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The history of ski flying

on 2008-02-11

The history of ski flying – in the truest sense of the word: Beside the well-known ski flying on monstrous ski jumping hills there were other attempts to give skiers wings in the beginning of the 20th century as well.

“Without a doubt it is a magnificent, even intoxicating feeling to float down in the air so long, far and high, truly acting more like a bird than like a human being, to a certain extant acquiring a superhuman characteristic trait and flying along just like an eagle.” These verses are addressed to Austria’s Sep Bradl, who was the very first man to jump over more than 100 meters at Planica in 1936. Basically this meant the beginning of the era of ski flying.

But for proper flights you need to have real wings and this dream had already come true for two of his fellow countrymen in 1929. Two guys from Vienna, the airplane constructor Hans Bauer and engineer Josef Krupka – both enthusiastic alpine skiers – developed a device for ski flying. It consisted of a belt system fixed on the body, on which two airfoil wings were attached in breast height. Similar to an airplane the approach angel of these wings could be adjusted by the arms.

In spring 1930 on 2700 meters above sea level near the Kürsing shelter on Großvenediger the very first tries were made and Krupka realized several long flights with a velocity of around 100 km/h. With a pace of 40 he took off of the skiing slope and flew up to 150 meters long at a height of 8 m! During one of these flights a gust of wind made him fall and he luckily didn’t become injured, but the plywood wings, which had awing-span of around 4 meters, were completely damaged through this crash. Later they tried out a 8 meter wide thing with only one wing, which carried out to be too inflexible.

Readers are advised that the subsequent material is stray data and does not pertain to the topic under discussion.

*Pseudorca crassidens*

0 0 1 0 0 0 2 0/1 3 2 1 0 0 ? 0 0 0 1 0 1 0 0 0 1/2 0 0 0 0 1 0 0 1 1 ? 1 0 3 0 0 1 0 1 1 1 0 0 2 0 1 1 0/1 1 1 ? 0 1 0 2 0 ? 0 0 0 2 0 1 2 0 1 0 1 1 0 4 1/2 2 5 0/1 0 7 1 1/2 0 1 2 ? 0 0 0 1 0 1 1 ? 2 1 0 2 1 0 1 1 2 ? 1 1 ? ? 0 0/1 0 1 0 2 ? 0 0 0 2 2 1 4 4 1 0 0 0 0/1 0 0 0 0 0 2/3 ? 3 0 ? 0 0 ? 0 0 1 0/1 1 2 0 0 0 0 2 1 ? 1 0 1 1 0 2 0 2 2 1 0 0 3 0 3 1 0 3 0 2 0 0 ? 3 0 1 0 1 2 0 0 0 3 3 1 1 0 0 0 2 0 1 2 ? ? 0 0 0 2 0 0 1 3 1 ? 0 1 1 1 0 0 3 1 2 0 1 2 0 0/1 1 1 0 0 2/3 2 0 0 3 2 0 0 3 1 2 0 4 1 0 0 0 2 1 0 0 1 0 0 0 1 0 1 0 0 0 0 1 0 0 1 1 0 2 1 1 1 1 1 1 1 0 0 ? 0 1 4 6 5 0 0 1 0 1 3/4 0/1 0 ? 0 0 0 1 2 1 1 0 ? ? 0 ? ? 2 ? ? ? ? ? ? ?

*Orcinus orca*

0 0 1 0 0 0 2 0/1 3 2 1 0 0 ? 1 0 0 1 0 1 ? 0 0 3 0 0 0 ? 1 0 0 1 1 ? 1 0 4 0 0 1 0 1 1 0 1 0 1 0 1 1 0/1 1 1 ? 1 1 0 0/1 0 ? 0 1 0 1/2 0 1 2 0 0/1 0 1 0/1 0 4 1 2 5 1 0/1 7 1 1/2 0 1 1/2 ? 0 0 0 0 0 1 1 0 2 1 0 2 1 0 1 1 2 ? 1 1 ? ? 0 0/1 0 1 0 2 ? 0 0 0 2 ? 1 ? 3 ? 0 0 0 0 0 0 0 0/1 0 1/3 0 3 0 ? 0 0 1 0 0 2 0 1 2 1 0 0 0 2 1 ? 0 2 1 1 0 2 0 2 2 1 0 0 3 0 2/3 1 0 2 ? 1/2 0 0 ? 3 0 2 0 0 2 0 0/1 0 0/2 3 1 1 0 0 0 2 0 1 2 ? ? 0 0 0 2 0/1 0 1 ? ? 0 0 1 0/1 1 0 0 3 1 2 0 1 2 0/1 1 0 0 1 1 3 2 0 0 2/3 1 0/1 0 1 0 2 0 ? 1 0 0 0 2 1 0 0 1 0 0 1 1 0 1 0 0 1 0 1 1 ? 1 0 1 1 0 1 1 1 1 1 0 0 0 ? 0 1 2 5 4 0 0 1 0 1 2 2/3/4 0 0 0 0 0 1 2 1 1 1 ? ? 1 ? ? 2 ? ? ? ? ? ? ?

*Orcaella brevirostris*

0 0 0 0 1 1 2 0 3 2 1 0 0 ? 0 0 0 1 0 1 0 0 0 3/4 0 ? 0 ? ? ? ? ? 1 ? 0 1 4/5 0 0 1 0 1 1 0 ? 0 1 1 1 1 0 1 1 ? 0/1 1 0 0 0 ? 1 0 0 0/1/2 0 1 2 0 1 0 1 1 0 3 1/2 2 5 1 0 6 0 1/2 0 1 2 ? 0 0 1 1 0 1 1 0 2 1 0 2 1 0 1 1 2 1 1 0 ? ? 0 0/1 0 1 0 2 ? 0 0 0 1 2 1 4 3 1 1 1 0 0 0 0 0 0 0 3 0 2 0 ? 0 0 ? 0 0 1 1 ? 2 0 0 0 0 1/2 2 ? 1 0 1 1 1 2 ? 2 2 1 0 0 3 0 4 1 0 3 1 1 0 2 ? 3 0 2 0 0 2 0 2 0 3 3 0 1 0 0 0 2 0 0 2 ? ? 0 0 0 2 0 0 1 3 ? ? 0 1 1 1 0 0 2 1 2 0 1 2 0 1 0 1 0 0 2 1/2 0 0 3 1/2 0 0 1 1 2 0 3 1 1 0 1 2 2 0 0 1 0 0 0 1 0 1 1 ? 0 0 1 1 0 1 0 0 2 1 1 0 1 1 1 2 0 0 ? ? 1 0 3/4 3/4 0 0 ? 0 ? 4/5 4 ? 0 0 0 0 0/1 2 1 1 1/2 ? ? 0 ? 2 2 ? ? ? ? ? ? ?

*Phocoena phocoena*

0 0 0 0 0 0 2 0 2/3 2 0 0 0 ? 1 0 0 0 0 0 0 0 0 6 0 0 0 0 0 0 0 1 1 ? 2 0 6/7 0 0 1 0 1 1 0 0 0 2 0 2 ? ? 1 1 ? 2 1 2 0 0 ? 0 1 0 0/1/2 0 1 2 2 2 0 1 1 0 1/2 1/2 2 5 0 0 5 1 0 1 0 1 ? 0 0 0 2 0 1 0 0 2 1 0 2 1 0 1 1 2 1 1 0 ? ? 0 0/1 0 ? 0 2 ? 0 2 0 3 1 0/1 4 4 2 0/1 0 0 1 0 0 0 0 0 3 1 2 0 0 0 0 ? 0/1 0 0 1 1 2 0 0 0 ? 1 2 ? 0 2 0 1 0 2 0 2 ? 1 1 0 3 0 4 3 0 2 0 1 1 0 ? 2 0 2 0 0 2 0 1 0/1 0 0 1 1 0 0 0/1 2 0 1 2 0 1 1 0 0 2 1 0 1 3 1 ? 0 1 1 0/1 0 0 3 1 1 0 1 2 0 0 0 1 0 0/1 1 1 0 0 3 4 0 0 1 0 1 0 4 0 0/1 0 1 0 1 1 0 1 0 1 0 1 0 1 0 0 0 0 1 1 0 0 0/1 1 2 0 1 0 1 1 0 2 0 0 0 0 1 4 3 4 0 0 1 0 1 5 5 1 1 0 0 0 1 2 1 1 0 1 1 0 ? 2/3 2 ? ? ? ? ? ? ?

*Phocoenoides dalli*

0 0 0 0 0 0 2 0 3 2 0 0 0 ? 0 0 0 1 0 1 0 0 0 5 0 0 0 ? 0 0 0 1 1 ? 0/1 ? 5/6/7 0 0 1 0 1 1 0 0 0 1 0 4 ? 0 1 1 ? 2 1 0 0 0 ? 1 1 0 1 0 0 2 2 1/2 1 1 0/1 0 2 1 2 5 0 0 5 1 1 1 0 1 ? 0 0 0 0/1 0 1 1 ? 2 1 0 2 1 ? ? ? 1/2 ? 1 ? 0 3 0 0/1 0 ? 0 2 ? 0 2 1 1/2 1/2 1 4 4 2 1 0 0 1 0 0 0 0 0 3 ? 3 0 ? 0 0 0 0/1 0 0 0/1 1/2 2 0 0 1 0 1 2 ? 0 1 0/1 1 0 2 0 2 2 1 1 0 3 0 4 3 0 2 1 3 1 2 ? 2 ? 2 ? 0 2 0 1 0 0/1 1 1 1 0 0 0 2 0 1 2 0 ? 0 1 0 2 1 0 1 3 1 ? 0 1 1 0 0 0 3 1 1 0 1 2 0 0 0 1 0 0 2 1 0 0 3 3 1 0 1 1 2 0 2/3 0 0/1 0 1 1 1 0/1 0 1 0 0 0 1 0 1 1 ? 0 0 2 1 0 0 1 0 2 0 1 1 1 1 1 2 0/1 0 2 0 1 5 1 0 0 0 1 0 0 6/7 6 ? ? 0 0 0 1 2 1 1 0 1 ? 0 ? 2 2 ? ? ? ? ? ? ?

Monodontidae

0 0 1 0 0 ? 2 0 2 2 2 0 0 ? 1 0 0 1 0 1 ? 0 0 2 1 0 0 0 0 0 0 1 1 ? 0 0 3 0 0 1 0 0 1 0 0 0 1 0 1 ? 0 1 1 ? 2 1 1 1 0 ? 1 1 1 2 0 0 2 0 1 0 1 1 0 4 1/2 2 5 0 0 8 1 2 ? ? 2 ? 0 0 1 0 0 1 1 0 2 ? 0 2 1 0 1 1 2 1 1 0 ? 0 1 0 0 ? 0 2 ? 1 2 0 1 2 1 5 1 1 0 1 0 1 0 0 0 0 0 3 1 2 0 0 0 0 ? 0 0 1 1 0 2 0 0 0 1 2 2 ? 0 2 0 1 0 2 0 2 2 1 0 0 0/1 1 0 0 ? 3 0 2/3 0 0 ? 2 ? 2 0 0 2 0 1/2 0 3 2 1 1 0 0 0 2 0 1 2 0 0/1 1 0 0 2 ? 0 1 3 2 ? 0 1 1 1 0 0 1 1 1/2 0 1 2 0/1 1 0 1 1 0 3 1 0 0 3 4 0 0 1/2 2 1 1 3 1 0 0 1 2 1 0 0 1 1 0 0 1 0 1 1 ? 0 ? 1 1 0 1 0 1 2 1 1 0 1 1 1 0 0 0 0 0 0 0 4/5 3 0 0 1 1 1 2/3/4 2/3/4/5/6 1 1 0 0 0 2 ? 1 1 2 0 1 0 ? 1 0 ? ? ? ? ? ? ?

In nineteen thirties the skiing instructor and ski jump constructor Carl I. Luther from Munich was giving attention to theoretical and practical aspects of ski jumping. By the way, he was the first to define the “critical point” at constructing a ski jumping hill and as a consultant of DSV he was in charge of many plannings of new large ski jumping hills in Germany. Within the discussion about longer ski jumps, according to a Norwegian sketch he gave the advice to wear supporting pieces of cloth – just a kind of bat wings – between arms and body, in order to improve ascending forces during flights.

Prof. Hans Thirring from Vienna became famous in 1937 with his flying attempts with a canvas coat named after him. Independently of these suggestions for ski flying, Thirring originally had developed his coat for downhill skiing. He published a book called “Der Schwebelauf”, where de described and underlined the supporting effects of wide clothes for downhill skiing and ski jumping. At the same time the skiing expert Dr. Martinak from Carinthia made far jumps, too, with a kind of sail, which he tightened with his elongated arms between his ski poles.

Larger distances with the same inrun speed, optimized flight curves and a smooth curbed landing were the fundamental ideas of all these concepts. Beside the developments made at the construction of ski jumping hills all these attempts were trying to improve the performances of ski jumpers and their materials. Seen by historical and flight-technical aspects these even were more the precursors of present day’s paragliding, whereas still today some of these aspects are considered, as for example the suits of Austrian ski jumpers with very wide crotches some years ago proved.

Source: Book „Skispringer und ihre Schanzen” by A. H. Peyerl, Salzburg, 1949




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